For a list of all the blogs, and links to all of them, go to the article and you'll find it under the heading 'Related links' in the right-hand menu (you'll need to scroll down a bit).

    I'm delighted! However, this elation is somewhat tempered and needs some qualification.

    South Africa's "bad publicity"
    Most people with any knowledge of public relations or journalism will be able to quote the mantra: "There's no such thing as bad publicity". While this is undoubtedly true in most respects, it certainly does not mean that anyone would crave such 'bad publicity'. In this particular case it saddens me that South Africa is, deservedly, getting a lot of bad publicity. While it is vital that the current events, and its underlying causes, get exposed and debated it is also true that it will result in lost investment and economic damage - in short diminished trust in South Africa. Yes, it may be a wake up call for Government and the ANC which may lead to concerted efforts to solve various pressing socio-economic and human rights issues. But should those gains materialise it comes at a cost. How much better would it have been if these issues received priority before this all blew up in our faces?

    Article not that good
    The second reason for my tempered enthusiasm at being included in the article is quite strange, considering what an impressive news organisation the BBC boasts. To be frank, I didn't find the quality of the particular article that good...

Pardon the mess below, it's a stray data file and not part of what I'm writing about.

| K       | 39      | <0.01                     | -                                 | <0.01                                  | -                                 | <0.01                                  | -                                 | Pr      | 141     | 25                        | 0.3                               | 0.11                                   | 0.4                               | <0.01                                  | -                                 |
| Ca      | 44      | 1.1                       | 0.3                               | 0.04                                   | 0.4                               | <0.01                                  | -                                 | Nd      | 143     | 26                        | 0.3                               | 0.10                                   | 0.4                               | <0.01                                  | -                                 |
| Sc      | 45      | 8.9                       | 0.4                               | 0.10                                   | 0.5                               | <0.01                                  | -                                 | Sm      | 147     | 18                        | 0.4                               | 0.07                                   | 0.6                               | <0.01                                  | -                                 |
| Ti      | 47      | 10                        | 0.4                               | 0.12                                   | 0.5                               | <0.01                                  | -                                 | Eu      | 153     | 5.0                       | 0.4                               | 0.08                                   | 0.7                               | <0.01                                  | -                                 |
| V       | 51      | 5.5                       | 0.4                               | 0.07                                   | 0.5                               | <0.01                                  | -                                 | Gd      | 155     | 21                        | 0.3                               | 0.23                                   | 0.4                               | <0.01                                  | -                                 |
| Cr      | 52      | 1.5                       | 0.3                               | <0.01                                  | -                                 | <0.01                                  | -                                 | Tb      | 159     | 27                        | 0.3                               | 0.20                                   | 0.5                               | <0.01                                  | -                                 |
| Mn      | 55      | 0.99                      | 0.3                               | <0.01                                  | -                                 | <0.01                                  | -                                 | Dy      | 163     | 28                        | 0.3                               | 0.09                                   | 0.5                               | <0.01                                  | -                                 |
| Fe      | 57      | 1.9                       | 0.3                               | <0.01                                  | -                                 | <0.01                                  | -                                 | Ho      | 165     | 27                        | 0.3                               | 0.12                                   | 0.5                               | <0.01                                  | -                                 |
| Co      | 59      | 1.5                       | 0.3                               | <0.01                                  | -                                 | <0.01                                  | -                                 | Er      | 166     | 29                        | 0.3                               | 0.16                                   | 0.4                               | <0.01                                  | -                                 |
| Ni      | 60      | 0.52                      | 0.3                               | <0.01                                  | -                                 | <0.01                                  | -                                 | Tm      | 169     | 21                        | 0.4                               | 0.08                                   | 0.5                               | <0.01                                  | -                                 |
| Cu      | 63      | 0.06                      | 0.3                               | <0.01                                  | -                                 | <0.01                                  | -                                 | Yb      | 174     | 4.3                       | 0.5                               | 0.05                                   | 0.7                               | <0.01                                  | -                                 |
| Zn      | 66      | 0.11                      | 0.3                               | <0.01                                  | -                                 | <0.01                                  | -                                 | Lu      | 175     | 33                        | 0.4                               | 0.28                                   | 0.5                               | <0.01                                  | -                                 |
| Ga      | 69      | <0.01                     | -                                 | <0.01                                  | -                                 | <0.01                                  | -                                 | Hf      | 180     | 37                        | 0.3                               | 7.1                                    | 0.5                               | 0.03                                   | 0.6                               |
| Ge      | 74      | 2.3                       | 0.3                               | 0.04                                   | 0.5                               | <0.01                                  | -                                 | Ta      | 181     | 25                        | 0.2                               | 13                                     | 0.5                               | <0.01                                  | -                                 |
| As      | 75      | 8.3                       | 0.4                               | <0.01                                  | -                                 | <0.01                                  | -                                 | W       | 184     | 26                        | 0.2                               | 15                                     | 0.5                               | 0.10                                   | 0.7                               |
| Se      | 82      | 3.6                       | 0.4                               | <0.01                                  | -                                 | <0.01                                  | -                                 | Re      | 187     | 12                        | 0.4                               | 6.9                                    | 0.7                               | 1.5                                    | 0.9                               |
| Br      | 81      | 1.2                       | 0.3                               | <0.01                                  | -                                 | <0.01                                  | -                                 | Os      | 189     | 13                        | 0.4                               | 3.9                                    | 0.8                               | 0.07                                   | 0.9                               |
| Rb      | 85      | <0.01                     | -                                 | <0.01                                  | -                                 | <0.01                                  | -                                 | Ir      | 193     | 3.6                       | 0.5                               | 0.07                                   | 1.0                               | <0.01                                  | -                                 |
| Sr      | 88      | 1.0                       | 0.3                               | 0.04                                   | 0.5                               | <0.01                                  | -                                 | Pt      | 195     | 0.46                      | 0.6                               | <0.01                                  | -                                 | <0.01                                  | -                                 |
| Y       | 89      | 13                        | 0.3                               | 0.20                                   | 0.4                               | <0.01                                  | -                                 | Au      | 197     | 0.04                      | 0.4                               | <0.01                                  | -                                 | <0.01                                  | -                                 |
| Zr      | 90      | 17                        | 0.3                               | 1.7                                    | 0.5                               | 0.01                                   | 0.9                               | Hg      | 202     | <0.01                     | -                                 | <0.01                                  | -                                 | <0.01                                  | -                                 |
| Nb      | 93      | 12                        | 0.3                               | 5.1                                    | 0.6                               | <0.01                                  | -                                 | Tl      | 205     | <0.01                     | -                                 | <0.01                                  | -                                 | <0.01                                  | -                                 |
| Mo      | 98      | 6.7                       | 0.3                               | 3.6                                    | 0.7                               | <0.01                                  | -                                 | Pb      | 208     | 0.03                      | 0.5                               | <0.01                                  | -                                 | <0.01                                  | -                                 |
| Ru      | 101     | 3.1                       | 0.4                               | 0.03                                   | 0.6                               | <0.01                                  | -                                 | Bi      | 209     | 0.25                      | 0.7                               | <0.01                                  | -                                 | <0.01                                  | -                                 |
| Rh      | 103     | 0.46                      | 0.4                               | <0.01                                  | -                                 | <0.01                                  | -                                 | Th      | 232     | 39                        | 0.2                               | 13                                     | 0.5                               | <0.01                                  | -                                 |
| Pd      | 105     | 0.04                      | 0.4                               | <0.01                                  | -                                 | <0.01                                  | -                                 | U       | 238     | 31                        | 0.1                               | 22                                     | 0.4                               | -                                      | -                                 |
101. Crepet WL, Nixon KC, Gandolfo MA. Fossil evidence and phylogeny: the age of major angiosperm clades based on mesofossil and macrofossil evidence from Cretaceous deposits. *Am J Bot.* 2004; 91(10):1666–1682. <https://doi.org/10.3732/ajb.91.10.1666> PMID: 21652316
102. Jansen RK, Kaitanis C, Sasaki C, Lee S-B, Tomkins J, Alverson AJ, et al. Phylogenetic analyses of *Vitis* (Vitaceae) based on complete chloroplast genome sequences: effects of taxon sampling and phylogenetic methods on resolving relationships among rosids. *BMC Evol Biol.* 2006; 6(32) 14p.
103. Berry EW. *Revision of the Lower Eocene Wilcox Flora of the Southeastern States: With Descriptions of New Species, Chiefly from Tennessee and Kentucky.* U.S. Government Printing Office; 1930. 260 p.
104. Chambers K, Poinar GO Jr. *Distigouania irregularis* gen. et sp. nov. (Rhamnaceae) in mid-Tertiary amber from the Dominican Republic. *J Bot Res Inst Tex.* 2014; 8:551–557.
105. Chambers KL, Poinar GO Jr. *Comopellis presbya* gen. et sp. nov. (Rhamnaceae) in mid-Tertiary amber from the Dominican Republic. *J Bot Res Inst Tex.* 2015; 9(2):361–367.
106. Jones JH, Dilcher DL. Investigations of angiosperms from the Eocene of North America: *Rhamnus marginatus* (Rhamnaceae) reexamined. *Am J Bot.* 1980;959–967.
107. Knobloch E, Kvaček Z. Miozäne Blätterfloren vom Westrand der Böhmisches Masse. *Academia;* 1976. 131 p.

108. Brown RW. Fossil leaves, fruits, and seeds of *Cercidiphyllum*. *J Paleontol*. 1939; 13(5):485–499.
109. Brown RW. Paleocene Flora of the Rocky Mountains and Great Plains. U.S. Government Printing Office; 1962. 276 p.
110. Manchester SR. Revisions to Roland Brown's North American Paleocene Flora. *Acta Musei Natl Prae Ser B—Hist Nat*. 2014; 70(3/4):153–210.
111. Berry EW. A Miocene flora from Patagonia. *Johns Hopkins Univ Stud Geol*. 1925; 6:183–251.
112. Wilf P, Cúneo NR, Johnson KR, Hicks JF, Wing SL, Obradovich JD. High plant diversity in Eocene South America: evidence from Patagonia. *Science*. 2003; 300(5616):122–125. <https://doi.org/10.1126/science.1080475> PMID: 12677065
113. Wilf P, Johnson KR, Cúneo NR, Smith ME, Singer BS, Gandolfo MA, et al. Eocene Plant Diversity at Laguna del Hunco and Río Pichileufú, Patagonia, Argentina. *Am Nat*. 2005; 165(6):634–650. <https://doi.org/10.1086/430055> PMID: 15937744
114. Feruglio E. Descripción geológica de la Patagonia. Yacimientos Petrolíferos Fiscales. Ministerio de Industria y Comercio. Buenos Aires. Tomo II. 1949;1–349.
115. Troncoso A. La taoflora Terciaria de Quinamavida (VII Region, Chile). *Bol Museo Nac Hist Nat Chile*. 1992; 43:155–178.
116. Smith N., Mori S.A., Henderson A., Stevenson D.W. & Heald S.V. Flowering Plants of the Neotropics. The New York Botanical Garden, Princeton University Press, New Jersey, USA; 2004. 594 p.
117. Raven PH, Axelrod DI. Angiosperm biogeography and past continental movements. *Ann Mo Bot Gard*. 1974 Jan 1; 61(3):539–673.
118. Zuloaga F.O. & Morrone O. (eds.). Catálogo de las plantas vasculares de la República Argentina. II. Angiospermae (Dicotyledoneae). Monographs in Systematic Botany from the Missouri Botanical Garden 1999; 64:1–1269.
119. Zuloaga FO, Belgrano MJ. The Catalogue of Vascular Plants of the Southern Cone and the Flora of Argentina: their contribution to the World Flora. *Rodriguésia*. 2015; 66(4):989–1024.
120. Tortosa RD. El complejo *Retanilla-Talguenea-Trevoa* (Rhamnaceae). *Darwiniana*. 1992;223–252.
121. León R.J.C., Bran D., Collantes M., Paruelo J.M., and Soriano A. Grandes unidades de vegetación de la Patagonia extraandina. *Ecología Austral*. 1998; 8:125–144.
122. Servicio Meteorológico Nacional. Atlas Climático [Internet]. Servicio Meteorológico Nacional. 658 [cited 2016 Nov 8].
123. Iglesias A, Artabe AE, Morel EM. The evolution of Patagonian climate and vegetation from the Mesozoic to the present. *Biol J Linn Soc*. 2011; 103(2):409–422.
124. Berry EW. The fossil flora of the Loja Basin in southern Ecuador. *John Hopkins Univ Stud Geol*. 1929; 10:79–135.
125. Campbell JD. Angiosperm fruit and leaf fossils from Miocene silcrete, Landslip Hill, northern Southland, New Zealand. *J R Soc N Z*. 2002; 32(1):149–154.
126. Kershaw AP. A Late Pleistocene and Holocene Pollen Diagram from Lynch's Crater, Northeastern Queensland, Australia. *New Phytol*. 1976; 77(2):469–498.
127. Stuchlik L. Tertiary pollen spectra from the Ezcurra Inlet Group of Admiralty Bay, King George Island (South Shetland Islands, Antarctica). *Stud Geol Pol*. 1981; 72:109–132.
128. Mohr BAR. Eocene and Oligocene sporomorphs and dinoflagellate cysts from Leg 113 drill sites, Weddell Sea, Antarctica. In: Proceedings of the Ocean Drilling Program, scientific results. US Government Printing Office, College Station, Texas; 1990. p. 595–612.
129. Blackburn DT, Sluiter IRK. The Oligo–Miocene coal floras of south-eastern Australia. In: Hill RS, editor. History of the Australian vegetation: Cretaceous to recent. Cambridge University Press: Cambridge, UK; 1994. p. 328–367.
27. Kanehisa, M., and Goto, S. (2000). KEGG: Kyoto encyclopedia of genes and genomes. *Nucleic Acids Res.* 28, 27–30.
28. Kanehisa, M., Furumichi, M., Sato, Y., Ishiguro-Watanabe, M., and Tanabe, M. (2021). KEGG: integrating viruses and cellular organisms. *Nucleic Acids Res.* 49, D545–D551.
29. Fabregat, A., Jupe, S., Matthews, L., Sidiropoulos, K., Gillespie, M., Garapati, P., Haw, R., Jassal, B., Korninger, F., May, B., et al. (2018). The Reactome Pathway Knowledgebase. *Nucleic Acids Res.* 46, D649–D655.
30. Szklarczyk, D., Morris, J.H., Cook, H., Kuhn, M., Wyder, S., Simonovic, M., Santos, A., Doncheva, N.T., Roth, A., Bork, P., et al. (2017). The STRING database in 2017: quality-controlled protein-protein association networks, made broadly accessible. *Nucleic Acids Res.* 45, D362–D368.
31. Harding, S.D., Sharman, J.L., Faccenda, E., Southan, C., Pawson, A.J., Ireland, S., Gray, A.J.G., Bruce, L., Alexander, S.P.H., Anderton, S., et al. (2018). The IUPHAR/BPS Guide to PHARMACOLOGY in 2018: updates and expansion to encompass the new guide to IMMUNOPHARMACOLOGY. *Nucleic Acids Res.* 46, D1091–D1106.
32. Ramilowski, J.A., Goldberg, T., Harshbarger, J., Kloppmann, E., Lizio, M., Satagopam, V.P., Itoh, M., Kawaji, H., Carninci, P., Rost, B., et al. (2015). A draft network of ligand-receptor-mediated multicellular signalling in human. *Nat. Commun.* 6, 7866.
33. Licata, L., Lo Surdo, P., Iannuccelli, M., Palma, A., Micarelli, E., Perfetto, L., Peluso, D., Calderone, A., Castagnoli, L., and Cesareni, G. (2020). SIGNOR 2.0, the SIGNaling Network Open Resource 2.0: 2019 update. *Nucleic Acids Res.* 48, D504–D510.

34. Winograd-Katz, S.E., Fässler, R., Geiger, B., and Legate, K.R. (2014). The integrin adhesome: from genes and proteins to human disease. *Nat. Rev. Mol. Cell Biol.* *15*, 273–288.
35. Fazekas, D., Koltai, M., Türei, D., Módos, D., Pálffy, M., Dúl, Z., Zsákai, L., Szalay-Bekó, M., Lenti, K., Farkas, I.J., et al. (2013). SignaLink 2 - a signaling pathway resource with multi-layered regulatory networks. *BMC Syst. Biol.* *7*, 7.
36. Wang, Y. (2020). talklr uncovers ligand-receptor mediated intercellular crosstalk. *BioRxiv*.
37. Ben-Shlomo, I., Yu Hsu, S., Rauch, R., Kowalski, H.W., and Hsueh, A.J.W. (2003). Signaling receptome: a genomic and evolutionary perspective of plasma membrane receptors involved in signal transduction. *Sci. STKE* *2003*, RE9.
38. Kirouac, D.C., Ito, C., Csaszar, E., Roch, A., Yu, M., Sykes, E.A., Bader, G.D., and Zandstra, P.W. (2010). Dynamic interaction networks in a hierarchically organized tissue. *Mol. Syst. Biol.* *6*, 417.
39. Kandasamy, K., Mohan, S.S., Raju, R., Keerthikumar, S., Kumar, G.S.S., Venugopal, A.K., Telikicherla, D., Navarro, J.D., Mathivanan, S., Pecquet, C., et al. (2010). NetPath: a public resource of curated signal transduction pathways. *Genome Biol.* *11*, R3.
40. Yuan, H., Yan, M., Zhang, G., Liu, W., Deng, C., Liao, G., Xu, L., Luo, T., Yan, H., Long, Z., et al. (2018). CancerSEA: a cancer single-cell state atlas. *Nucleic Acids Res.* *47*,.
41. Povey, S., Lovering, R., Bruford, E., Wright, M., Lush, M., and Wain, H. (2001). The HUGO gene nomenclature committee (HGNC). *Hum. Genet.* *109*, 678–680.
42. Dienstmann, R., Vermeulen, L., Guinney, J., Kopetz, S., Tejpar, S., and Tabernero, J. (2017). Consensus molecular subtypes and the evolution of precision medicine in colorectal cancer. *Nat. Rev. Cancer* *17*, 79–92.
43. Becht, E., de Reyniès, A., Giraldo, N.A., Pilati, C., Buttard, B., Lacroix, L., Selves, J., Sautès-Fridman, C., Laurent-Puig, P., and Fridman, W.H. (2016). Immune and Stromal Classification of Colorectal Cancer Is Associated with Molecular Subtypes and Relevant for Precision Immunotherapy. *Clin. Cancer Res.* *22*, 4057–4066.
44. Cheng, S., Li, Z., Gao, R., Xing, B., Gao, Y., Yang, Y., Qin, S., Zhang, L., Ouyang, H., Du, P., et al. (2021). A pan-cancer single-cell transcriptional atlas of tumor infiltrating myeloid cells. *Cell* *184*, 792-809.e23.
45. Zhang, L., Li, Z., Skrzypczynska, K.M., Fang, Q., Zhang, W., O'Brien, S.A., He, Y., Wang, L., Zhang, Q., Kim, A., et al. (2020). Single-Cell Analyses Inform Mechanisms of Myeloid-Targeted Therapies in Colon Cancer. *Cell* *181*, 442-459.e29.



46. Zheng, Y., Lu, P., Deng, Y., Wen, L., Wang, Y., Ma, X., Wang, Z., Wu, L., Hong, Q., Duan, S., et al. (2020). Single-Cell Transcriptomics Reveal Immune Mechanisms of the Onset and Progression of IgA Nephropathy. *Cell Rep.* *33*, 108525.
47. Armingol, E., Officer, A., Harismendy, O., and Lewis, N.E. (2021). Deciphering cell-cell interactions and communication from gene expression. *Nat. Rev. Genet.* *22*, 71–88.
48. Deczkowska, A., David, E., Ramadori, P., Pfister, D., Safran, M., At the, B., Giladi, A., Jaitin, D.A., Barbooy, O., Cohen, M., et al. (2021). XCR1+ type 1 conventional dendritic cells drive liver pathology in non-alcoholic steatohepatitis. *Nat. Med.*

BBC's human angle
    But let me rather focus on the good for a moment! I love the fact that the BBC goes to great lengths to get the human angle on stories in addition to their more 'hard-news', removed, 'objective', political and analytic reporting. Their stories very often end with an invite to people affected by a specific news story to relate their own experience of events. In the case of their coverage of the xenophobia incidents the standard invite resulted in a very insightful piece 'S African violence: Your stories'. A dimension of reality is added to a story when someone relates, in first person narrative, how a mob knocked on his door and the frantic scramble to get out of harm's way. It is because I appreciate that kind of angle that I included the aforementioned link in my post that was thereafter featured by the BBC.